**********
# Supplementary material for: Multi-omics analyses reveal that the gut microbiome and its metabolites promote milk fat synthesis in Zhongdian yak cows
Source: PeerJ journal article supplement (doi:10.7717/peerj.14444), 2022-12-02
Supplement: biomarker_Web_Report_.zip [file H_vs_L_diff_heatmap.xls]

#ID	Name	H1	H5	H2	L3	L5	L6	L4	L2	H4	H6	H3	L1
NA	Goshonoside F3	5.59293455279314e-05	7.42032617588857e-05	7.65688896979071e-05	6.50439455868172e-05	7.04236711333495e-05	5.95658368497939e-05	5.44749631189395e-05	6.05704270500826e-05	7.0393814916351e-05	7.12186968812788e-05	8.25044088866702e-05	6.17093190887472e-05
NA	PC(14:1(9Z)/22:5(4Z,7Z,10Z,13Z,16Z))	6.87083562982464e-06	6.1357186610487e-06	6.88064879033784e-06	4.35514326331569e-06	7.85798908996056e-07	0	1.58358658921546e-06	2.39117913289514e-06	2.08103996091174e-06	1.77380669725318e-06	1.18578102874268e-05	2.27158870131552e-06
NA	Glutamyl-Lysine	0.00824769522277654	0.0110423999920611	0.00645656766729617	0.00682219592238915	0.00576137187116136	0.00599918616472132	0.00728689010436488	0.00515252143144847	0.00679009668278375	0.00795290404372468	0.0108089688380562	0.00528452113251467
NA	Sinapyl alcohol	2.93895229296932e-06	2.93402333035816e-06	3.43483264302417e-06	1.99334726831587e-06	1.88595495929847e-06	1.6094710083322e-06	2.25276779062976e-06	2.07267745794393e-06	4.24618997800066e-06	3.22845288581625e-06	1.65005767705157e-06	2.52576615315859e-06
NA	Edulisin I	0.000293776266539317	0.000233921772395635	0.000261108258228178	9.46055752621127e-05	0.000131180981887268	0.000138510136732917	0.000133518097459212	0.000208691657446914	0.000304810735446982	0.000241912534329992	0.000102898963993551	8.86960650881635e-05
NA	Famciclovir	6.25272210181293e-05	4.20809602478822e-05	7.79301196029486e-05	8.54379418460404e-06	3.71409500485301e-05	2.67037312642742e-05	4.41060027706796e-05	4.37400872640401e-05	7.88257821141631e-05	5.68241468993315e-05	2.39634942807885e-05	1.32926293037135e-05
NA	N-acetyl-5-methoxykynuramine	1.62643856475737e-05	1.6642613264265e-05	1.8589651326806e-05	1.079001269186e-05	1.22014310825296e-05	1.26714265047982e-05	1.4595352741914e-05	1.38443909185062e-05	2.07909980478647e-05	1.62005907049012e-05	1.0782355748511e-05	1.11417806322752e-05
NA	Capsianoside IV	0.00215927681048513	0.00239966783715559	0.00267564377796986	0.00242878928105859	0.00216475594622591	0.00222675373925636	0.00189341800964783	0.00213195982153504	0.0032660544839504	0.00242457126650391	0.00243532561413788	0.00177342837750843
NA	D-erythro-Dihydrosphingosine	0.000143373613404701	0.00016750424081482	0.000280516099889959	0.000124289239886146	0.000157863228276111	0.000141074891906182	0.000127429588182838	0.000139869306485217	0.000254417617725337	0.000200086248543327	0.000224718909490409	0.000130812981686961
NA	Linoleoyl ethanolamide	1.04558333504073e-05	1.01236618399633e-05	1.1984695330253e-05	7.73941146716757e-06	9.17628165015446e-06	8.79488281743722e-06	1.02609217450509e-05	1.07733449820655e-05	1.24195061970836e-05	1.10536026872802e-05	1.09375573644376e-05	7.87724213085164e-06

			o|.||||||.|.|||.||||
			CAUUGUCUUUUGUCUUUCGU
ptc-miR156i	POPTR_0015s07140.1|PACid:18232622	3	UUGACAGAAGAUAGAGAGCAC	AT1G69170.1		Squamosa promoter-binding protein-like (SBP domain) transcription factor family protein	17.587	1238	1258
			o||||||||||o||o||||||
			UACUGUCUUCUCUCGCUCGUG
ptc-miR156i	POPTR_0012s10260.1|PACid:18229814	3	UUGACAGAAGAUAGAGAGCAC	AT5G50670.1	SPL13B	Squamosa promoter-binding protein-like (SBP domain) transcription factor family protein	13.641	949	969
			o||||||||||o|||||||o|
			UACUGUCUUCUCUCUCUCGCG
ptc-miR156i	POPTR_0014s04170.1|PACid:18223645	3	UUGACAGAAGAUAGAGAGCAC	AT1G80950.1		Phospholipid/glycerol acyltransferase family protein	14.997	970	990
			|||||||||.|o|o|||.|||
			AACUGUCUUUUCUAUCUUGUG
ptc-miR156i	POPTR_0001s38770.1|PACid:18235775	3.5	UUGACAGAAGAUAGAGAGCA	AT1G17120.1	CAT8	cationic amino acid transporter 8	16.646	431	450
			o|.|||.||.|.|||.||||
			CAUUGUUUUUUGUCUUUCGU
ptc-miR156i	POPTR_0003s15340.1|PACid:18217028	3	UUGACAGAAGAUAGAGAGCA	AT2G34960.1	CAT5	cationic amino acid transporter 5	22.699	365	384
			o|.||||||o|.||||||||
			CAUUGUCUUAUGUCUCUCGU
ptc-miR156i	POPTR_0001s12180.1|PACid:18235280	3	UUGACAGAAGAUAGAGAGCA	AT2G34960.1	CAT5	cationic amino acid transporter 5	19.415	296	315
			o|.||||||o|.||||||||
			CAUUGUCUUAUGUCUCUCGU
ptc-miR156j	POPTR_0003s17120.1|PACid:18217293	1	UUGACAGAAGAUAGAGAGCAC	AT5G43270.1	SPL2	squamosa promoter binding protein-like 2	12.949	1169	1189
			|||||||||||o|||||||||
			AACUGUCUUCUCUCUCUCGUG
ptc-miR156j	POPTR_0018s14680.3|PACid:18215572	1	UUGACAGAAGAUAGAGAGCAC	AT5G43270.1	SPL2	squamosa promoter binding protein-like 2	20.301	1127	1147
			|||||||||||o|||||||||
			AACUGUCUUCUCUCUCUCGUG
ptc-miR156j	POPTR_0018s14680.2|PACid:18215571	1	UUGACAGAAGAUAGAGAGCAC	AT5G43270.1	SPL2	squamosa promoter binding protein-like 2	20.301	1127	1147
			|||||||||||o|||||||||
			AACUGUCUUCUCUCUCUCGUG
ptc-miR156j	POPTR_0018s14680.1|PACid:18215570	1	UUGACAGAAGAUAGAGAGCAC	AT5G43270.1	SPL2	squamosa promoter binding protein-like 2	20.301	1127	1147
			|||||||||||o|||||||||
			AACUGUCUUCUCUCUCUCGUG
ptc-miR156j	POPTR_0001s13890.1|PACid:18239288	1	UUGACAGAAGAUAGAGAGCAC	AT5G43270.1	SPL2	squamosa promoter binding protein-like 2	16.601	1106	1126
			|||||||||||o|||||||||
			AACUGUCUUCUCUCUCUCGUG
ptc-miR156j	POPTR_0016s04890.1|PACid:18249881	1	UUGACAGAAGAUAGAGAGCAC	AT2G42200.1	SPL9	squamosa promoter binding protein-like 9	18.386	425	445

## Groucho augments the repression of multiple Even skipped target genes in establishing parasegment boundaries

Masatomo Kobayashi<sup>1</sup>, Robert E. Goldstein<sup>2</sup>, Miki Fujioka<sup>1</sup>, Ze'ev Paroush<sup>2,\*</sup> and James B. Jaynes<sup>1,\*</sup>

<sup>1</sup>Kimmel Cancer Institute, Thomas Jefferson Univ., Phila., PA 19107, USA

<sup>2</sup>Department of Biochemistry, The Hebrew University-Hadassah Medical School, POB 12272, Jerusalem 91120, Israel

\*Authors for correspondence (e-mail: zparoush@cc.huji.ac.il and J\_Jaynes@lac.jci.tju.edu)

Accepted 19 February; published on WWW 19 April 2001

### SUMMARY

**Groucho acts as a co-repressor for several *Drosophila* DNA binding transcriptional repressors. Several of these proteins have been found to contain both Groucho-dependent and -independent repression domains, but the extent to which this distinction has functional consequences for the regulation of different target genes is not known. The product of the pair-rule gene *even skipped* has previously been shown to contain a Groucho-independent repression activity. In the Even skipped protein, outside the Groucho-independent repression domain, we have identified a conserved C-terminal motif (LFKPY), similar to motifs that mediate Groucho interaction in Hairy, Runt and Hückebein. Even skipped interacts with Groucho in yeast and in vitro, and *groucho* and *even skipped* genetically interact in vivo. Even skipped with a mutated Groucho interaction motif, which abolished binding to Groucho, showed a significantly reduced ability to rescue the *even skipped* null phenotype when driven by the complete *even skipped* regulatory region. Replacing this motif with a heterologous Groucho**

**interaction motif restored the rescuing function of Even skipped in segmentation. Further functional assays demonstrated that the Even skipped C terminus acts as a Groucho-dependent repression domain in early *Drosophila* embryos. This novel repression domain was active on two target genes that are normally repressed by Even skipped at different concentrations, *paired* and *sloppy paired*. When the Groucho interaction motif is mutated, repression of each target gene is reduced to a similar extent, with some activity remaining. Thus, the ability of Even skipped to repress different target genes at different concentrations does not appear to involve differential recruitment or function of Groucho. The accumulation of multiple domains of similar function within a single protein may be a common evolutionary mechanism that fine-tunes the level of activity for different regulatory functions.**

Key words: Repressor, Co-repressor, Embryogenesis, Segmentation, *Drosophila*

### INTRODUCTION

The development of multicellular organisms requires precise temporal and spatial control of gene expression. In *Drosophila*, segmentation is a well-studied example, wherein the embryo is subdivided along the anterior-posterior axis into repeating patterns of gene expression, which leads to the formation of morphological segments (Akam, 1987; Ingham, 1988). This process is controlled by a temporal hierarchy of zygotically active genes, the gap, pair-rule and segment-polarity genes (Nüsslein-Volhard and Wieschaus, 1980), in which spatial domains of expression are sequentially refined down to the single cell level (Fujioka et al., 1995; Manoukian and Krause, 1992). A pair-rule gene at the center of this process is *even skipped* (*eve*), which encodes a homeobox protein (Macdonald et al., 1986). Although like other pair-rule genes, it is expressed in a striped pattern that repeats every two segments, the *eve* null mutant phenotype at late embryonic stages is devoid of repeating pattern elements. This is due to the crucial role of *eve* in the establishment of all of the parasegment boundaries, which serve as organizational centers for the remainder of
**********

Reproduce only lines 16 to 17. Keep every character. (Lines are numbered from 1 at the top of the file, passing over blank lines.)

			CAUUGUCUUUUGUCUUUCGU
ptc-miR156i	POPTR_0015s07140.1|PACid:18232622	3	UUGACAGAAGAUAGAGAGCAC	AT1G69170.1		Squamosa promoter-binding protein-like (SBP domain) transcription factor family protein	17.587	1238	1258